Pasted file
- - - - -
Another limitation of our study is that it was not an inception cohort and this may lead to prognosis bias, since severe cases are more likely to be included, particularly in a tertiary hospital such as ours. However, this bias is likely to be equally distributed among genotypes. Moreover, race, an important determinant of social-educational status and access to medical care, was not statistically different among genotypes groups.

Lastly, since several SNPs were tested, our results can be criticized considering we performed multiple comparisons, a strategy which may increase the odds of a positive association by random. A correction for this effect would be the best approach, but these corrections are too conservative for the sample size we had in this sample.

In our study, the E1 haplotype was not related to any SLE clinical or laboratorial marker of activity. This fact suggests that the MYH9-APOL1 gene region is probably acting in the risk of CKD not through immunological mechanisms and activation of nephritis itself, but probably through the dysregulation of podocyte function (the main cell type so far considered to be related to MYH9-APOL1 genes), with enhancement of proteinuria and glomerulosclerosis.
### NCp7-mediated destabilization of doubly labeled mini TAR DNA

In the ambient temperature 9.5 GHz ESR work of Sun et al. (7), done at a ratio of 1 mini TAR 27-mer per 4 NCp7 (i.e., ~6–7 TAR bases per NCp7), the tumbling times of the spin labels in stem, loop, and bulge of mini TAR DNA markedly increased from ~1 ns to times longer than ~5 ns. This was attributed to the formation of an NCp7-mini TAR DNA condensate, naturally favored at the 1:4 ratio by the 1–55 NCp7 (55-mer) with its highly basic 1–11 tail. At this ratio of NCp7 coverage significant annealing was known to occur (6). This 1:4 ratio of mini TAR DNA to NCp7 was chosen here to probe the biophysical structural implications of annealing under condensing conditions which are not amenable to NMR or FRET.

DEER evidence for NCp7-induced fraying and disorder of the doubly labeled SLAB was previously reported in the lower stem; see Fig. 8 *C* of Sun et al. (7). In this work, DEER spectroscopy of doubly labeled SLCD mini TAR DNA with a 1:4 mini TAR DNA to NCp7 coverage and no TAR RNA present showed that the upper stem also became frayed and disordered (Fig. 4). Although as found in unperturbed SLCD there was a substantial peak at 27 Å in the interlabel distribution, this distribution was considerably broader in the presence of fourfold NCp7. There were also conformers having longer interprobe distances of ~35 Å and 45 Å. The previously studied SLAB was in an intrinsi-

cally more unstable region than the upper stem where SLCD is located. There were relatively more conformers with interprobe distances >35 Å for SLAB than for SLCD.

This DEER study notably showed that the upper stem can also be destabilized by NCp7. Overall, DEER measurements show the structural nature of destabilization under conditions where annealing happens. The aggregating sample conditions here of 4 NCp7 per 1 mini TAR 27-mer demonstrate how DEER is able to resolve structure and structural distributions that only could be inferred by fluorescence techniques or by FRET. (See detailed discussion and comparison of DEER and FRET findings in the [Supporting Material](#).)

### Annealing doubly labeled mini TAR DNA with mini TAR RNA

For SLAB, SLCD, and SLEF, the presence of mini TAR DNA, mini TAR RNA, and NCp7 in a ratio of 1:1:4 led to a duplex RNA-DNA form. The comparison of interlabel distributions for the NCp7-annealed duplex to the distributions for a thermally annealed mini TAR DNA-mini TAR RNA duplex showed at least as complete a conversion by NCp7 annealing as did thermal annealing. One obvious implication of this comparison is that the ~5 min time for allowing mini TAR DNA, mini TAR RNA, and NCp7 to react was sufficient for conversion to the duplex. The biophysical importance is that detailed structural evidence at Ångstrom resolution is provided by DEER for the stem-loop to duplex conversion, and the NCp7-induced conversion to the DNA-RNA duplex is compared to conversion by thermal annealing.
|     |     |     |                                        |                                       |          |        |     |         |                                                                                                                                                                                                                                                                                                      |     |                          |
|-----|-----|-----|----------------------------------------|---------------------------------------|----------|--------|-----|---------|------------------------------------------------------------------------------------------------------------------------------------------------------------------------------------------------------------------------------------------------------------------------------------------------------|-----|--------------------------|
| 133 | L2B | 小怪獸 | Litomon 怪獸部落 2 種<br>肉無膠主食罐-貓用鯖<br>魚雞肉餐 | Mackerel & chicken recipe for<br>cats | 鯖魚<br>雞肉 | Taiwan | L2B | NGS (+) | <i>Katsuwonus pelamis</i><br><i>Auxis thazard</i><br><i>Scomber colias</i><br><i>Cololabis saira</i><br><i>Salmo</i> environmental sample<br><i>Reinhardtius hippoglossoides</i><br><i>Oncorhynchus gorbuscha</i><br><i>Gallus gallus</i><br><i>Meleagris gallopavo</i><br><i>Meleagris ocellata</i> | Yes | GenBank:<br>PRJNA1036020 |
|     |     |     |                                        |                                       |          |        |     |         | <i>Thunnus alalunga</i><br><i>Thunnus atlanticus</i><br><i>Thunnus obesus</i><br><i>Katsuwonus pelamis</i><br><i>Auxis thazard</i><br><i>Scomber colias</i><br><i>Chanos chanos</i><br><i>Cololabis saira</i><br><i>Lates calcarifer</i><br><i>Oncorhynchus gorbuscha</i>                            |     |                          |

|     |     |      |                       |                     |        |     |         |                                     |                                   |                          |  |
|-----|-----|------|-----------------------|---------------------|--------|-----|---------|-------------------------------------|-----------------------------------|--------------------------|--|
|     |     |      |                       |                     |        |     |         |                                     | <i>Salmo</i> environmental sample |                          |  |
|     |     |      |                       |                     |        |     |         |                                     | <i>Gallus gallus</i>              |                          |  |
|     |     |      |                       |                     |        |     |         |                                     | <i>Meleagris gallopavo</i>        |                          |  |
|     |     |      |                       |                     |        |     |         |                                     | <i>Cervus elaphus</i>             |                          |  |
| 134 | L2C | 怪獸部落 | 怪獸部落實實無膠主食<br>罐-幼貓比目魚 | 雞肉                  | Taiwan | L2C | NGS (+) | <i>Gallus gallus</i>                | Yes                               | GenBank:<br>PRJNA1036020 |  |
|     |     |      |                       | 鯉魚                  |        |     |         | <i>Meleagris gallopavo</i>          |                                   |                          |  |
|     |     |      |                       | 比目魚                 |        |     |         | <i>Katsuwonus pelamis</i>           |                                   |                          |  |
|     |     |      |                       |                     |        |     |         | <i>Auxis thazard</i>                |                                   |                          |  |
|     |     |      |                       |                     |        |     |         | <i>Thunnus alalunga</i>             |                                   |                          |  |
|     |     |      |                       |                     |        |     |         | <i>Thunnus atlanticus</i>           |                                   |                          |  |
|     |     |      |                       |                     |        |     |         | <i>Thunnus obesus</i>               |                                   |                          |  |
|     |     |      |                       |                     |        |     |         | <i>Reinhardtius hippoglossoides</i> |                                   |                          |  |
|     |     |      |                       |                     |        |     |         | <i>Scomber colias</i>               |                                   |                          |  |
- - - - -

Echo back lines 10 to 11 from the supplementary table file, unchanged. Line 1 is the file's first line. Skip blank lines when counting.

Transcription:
For SLAB, SLCD, and SLEF, the presence of mini TAR DNA, mini TAR RNA, and NCp7 in a ratio of 1:1:4 led to a duplex RNA-DNA form. The comparison of interlabel distributions for the NCp7-annealed duplex to the distributions for a thermally annealed mini TAR DNA-mini TAR RNA duplex showed at least as complete a conversion by NCp7 annealing as did thermal annealing. One obvious implication of this comparison is that the ~5 min time for allowing mini TAR DNA, mini TAR RNA, and NCp7 to react was sufficient for conversion to the duplex. The biophysical importance is that detailed structural evidence at Ångstrom resolution is provided by DEER for the stem-loop to duplex conversion, and the NCp7-induced conversion to the DNA-RNA duplex is compared to conversion by thermal annealing.
|     |     |     |                                        |                                       |          |        |     |         |                                                                                                                                                                                                                                                                                                      |     |                          |